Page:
Now that we have seen what is a Snapshot and what Snapshot Testing is about, let us build it out for the requests inside Postman. Postman is an API Development Environment (ADE) which means it comes with all the building blocks that we would need to achieve snapshot testing.

  1. Create a collection and save a request in that collection. This will be the request for which we will be saving as a snapshot.
  2. As we saw in the previous section, snapshots are nothing but an ideal representation of how the result should look like. We will save our request and its response as Example in Postman, which in essence will behave as a snapshot of this request. This is very helpful because rather than a separate place, your snapshots can exist alongside the request you want to test. This makes it really easy to debug in case of failing tests. So, now we go ahead, send the request and save the response as an example.
  3. In the previous step we saved our snapshot, but how will we use them in our Test Scripts?? Well, Postman allows you to create Mock Servers on top of your collection and the response of these Mock requests is the response that you saved in the Example. So let's create a mock server on the collection.
  4. Now what we need to do is fetch the snapshot from the Mock server that we created, inside our test script so that we can compare it against the actual API response. We need to first create the Mock endpoint from where we will be fetching the snapshot and then use pm.sendRequest() to fetch the snapshot.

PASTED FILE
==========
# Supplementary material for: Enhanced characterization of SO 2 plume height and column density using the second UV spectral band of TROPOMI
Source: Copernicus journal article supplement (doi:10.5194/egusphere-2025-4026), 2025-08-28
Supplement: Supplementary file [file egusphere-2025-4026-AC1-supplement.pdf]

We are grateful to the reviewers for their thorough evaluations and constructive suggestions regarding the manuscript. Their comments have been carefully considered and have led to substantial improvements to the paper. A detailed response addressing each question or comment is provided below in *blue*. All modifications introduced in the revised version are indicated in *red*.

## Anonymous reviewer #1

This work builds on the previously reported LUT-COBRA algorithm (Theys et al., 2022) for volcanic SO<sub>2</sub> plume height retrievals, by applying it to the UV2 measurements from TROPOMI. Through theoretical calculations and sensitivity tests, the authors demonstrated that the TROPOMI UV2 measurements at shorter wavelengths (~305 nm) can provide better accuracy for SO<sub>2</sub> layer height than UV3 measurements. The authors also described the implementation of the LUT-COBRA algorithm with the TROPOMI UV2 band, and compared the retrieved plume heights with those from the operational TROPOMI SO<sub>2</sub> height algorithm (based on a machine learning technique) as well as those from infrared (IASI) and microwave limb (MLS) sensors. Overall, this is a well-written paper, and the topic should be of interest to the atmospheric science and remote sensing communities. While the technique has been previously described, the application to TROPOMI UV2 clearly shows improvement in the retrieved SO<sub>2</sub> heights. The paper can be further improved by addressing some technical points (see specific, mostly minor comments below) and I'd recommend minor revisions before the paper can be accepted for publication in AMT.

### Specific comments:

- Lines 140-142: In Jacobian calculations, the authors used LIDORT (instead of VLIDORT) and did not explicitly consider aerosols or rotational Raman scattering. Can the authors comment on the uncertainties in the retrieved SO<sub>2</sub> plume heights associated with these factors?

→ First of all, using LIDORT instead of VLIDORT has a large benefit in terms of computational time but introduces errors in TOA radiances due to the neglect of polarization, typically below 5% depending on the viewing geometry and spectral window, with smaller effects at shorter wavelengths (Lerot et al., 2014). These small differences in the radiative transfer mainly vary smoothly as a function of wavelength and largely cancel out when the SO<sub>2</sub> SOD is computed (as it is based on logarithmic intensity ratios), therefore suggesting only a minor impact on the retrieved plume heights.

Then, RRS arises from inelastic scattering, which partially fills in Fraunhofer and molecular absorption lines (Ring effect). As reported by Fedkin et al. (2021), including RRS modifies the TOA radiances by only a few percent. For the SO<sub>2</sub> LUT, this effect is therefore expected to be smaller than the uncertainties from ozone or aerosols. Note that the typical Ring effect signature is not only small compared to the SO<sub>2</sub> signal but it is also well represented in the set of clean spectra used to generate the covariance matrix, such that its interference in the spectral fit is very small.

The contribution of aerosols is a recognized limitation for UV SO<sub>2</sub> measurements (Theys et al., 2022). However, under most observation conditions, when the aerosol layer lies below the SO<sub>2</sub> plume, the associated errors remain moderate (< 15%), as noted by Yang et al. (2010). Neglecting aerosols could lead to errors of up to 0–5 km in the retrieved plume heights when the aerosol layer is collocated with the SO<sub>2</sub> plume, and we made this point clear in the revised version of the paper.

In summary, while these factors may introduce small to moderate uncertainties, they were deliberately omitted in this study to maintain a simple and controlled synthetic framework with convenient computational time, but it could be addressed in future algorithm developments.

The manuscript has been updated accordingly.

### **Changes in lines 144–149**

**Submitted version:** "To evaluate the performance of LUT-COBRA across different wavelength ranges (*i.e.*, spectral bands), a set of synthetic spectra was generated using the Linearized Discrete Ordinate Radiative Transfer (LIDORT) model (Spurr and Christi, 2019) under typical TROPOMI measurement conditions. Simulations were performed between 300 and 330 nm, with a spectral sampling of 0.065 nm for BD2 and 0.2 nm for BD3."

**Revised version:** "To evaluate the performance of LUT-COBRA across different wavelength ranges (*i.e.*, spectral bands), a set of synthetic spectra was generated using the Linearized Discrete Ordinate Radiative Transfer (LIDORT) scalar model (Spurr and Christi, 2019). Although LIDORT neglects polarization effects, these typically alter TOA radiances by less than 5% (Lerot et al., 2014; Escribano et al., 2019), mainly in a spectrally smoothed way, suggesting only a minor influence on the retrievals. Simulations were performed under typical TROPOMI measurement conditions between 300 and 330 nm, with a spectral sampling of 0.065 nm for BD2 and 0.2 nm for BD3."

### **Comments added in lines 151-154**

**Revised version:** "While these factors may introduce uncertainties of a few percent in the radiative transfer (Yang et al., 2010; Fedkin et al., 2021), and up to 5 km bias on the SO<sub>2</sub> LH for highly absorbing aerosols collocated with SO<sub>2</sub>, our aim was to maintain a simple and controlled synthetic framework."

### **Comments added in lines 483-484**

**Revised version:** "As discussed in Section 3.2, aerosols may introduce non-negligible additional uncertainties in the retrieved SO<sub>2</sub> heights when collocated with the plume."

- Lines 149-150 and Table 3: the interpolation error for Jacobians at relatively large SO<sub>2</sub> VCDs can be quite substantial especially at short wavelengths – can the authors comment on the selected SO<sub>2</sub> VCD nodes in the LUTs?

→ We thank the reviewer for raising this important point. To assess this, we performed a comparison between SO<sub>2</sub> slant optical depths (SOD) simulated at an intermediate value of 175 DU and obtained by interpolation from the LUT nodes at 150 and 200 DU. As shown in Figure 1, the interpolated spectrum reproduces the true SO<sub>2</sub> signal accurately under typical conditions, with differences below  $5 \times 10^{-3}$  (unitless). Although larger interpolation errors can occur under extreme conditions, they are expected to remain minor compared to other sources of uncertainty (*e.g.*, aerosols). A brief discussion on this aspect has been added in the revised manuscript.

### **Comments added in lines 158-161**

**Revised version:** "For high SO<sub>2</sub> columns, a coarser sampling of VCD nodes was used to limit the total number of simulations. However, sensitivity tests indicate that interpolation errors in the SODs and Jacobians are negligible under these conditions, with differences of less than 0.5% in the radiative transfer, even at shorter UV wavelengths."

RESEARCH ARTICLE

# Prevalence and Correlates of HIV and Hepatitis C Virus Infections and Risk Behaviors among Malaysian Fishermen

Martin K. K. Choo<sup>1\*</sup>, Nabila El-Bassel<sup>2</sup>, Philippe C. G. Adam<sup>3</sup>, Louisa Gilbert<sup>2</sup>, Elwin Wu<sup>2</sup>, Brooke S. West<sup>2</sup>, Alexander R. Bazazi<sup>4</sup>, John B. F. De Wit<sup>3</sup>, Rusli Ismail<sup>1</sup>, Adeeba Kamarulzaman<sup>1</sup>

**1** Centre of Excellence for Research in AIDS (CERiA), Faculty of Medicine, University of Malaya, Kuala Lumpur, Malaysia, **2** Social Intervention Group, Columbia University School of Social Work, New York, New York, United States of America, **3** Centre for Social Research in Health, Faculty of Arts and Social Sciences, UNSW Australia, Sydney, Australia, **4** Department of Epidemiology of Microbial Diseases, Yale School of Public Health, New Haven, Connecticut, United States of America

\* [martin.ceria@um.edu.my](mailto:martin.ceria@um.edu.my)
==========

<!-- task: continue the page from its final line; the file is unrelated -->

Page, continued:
5. I recommend adding this script at the collection or folder level so that whenever you add any new request, all you need to do is save its response as an Example and you will get a snapshot test for that request out of the box. Also updating the Test becomes as simple as updating the Example response with the updated snapshot.

Snapshot testing workflow using Postman

To help you get started with snapshot testing I have already published a Postman collection with all the above strategies. Fork the sample collection in the next section.

Setting up snapshot testing collection

To set up Snapshot Testing for your APIs you can use this collection as reference.

  1. Fork the collection to your own workspace. The collection Test Script already contains all the script required for this. Select the collection, tab over to Tests and review the code.
    Run in Postman
  2. Send the request and get a response for the API you want to create a Snapshot test.
  3. Save the response as an Example to that request. This will work as your Snapshot.
  4. Create a Mock server on top of the collection.
  5. Update the snapshotURL in Collection Variables with the Mock server url that you created above.

This collection contains three different Snapshot testing strategies. You can choose any of them according to your use case and your response structure.

So as you can see how simply we created our very own snapshot testing framework using Postman. It also fits very well with other testing strategies like Consumer-driven Contract Testing.

For more interesting workflows and testing strategies, follow Postman Engineering.

Additional resources